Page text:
In Hartley v King Edward VI College, the Supreme Court had to decide what amounted to a day's pay for teachers in the context of strike action.
Teachers in a sixth form college were contracted to work up to 195 days a year of "directed" time (primarily teaching), plus an unspecified amount of "undirected" time – the reasonable hours necessary to discharge their duties effectively (for example marking and lesson preparation). They were paid an annual salary on a monthly basis. Their contracts allowed their employer to deduct pay when they went on strike but said nothing about how the strike pay should be calculated.
When they went on strike for one day in 2011, the College deducted pay at a rate of 1/260 of their annual pay – calculated on the basis of a five day working week for 52 weeks a year. The teachers argued that this was incorrect and that, based on the Apportionment Act 1870, the deduction should have been 1/365 of their annual pay. The Apportionment Act says that all payments, including salary, are deemed to accrue from day to day, unless the contract specifies otherwise.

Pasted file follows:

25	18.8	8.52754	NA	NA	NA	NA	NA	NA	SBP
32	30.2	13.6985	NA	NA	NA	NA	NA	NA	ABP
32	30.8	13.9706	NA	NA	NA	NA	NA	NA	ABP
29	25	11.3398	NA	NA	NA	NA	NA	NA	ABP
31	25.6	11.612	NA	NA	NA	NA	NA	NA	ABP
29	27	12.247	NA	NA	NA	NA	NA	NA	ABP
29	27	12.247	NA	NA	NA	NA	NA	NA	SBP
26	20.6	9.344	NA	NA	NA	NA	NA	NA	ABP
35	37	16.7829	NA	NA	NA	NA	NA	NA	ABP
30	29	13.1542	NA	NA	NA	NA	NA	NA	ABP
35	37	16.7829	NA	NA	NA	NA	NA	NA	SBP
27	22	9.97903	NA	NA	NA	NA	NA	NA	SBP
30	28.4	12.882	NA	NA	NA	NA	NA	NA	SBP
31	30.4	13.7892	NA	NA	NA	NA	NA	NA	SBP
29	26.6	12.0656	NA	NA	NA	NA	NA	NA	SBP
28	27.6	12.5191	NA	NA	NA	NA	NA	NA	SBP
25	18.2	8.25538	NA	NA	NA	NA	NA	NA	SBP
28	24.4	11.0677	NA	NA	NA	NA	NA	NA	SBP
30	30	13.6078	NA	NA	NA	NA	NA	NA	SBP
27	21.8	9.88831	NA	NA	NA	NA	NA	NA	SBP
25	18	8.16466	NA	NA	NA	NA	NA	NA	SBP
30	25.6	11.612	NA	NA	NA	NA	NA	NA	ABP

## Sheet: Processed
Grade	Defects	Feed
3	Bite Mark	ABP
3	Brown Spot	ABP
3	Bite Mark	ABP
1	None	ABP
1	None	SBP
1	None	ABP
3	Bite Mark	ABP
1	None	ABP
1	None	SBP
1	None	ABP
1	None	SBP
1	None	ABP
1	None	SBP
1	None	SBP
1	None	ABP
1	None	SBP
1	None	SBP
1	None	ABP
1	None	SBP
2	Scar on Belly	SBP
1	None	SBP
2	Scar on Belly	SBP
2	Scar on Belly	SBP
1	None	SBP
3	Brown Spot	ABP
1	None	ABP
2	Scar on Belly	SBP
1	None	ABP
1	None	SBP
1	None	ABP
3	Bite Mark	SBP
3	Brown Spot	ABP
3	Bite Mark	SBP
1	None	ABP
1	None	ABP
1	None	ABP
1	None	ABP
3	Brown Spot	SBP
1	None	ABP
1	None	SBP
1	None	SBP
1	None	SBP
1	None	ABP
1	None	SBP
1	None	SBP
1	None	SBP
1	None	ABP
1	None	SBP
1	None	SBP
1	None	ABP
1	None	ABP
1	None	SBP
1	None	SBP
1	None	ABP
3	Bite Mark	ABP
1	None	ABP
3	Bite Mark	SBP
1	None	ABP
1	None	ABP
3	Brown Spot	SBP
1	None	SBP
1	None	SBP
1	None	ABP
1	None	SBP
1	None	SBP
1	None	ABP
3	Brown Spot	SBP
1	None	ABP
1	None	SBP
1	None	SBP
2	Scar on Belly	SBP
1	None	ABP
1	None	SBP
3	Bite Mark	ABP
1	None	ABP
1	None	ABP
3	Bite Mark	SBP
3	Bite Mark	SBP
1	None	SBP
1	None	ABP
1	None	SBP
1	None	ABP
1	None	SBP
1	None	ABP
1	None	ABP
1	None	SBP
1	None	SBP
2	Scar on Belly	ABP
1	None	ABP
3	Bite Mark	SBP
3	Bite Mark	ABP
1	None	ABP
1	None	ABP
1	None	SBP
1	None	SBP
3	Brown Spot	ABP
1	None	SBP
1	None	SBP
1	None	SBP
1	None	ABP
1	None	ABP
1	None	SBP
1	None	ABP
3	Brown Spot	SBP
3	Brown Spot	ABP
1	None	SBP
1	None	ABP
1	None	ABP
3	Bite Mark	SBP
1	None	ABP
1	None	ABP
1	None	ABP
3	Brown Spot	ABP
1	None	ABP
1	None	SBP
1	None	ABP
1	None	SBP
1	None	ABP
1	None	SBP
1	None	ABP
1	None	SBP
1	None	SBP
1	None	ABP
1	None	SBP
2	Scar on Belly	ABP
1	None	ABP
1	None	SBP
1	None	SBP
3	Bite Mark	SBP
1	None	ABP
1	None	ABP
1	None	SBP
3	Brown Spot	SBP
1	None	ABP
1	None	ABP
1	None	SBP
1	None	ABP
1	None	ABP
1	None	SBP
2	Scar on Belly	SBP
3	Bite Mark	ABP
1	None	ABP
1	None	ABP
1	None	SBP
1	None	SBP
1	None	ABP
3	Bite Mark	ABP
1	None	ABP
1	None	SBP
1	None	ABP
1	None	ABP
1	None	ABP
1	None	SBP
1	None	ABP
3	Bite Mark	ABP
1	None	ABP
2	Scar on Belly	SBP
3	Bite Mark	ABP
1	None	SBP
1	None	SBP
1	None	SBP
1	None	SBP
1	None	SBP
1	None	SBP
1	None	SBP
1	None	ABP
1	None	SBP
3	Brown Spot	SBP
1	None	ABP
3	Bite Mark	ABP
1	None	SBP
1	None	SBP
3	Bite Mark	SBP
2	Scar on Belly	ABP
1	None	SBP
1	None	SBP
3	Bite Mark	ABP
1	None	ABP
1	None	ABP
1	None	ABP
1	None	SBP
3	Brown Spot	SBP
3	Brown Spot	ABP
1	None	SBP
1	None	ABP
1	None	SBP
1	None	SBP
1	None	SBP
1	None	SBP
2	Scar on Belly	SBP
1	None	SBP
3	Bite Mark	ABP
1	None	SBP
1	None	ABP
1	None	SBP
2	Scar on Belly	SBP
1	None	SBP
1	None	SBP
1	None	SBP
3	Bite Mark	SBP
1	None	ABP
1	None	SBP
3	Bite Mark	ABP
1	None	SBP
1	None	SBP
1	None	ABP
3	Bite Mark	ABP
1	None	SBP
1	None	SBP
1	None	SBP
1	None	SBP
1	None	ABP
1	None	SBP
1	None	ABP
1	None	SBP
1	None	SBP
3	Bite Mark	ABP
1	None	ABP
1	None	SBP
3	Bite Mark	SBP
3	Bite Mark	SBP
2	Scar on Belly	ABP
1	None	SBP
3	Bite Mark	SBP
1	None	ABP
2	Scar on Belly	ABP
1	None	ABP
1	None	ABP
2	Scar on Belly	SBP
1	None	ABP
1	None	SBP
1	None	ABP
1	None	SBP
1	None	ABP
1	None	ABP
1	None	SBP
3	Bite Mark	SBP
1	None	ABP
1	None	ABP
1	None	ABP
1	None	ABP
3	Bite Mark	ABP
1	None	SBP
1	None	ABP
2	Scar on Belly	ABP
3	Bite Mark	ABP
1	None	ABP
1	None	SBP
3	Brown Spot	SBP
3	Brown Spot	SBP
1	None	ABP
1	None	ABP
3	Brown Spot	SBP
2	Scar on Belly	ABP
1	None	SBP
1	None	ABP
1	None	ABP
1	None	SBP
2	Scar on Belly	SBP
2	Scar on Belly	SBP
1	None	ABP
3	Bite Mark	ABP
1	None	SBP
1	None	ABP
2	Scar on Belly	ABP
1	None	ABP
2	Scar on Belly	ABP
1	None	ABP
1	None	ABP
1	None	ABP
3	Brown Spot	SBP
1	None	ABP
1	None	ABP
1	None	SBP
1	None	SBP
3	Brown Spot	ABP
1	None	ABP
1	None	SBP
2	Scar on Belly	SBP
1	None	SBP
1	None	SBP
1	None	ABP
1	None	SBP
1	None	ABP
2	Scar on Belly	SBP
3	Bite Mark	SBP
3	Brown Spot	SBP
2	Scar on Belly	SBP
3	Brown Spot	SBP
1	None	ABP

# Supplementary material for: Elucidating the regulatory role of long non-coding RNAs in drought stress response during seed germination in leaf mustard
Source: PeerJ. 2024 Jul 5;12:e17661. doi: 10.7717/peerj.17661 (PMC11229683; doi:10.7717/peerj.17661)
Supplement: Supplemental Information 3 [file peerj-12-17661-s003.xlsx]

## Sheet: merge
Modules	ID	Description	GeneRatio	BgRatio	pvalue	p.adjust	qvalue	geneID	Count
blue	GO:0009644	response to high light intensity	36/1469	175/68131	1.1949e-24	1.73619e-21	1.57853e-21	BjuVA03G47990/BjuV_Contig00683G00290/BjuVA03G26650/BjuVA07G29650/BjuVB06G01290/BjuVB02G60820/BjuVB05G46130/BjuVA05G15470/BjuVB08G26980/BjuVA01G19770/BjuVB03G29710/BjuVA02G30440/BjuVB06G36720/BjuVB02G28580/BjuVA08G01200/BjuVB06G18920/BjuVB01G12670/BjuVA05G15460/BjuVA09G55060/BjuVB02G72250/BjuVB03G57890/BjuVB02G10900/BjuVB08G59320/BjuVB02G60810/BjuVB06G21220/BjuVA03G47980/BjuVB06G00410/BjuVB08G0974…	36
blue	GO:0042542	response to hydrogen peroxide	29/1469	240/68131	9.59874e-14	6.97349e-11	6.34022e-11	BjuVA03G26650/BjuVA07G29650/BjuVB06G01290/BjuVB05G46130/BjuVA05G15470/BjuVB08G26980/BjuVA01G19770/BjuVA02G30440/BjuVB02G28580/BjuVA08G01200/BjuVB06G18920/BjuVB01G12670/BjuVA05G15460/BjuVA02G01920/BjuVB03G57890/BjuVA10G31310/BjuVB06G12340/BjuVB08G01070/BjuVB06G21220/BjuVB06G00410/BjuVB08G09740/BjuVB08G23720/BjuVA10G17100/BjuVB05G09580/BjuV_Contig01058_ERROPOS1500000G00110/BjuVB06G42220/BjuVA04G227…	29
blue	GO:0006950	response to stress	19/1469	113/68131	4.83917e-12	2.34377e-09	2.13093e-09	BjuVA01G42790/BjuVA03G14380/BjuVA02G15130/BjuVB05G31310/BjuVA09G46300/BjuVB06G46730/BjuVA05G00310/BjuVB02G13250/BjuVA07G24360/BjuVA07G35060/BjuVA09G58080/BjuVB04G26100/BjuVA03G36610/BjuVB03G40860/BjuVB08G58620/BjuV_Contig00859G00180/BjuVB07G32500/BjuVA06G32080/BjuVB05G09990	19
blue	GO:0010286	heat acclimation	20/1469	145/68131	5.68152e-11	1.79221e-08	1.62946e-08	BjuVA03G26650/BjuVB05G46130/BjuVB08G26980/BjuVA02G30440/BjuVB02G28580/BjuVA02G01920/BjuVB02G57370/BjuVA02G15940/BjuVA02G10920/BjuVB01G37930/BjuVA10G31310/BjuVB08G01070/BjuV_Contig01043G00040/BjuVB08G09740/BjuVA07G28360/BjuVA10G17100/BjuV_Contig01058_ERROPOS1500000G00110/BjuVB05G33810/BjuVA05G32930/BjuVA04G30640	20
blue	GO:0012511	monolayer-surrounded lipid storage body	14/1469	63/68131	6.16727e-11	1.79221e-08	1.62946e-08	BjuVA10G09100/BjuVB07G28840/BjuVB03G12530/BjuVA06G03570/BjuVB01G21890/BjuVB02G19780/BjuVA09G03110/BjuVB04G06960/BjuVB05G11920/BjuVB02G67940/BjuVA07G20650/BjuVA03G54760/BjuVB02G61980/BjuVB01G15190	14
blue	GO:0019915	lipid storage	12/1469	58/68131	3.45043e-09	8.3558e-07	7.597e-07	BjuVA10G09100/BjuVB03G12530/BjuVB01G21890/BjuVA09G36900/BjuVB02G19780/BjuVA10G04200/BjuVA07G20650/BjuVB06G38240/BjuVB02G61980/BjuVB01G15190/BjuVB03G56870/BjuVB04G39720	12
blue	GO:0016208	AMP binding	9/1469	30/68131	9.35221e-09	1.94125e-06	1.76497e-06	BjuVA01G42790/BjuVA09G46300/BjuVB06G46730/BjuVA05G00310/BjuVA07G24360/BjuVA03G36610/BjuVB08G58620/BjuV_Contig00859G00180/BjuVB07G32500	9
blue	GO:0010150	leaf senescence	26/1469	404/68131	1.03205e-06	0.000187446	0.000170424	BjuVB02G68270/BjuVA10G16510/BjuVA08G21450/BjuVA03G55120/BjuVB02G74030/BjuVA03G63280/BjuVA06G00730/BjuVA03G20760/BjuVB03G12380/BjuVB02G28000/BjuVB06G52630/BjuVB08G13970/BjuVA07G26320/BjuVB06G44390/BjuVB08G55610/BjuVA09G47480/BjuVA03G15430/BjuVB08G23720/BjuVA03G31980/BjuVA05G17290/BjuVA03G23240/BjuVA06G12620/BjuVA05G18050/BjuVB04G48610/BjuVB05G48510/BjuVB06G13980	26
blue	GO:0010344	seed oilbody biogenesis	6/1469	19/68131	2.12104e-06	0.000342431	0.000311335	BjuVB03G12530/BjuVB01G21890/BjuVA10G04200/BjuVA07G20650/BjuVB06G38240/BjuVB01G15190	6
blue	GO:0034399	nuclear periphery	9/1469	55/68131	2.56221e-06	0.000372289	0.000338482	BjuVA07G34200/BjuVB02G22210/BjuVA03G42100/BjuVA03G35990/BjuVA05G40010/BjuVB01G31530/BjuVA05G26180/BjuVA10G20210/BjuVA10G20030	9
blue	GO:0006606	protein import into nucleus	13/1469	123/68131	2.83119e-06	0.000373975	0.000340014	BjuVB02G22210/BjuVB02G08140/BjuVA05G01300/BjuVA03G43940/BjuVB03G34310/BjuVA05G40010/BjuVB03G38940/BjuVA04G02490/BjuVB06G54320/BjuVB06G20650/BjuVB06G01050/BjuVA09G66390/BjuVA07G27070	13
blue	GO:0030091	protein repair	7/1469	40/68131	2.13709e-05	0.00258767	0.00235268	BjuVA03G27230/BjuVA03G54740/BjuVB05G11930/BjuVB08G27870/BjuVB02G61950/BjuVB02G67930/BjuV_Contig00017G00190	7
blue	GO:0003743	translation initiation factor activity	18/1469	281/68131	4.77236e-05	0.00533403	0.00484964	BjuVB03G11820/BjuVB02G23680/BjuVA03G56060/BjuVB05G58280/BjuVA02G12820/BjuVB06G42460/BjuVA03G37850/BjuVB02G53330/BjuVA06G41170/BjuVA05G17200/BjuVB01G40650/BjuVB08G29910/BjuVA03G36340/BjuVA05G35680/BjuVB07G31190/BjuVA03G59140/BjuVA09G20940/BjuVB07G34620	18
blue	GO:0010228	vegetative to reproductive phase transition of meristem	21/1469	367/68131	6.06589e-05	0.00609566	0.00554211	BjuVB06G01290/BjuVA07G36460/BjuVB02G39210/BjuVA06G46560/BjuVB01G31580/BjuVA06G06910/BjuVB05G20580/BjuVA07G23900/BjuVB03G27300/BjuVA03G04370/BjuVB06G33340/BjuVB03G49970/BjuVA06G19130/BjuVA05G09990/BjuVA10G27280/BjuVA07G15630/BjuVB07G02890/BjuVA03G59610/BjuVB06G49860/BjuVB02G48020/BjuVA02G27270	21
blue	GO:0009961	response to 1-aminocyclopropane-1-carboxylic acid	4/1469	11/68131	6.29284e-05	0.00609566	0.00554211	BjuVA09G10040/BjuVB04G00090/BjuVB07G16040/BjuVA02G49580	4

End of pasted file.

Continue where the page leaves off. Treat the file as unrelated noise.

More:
The Supreme Court has now upheld the teachers' argument. The Apportionment Act applied, meaning that salary accrued "day to day" on the basis of calendar days not working days. Given the amount of undirected work the teachers performed outside the normal working week, it made no sense to use a daily rate of 1/260 of the annual salary. Using a rate of 1/365 of annual salary achieved an overall approach that was broadly fair in the context of an annual contract where pay was received in monthly instalments. Although it is possible effectively to "contract out" of the provisions of the Apportionment Act by appropriate wording in the contract, there was nothing in the teachers' contracts indicating that the parties had intended to depart from the normal calendar day approach.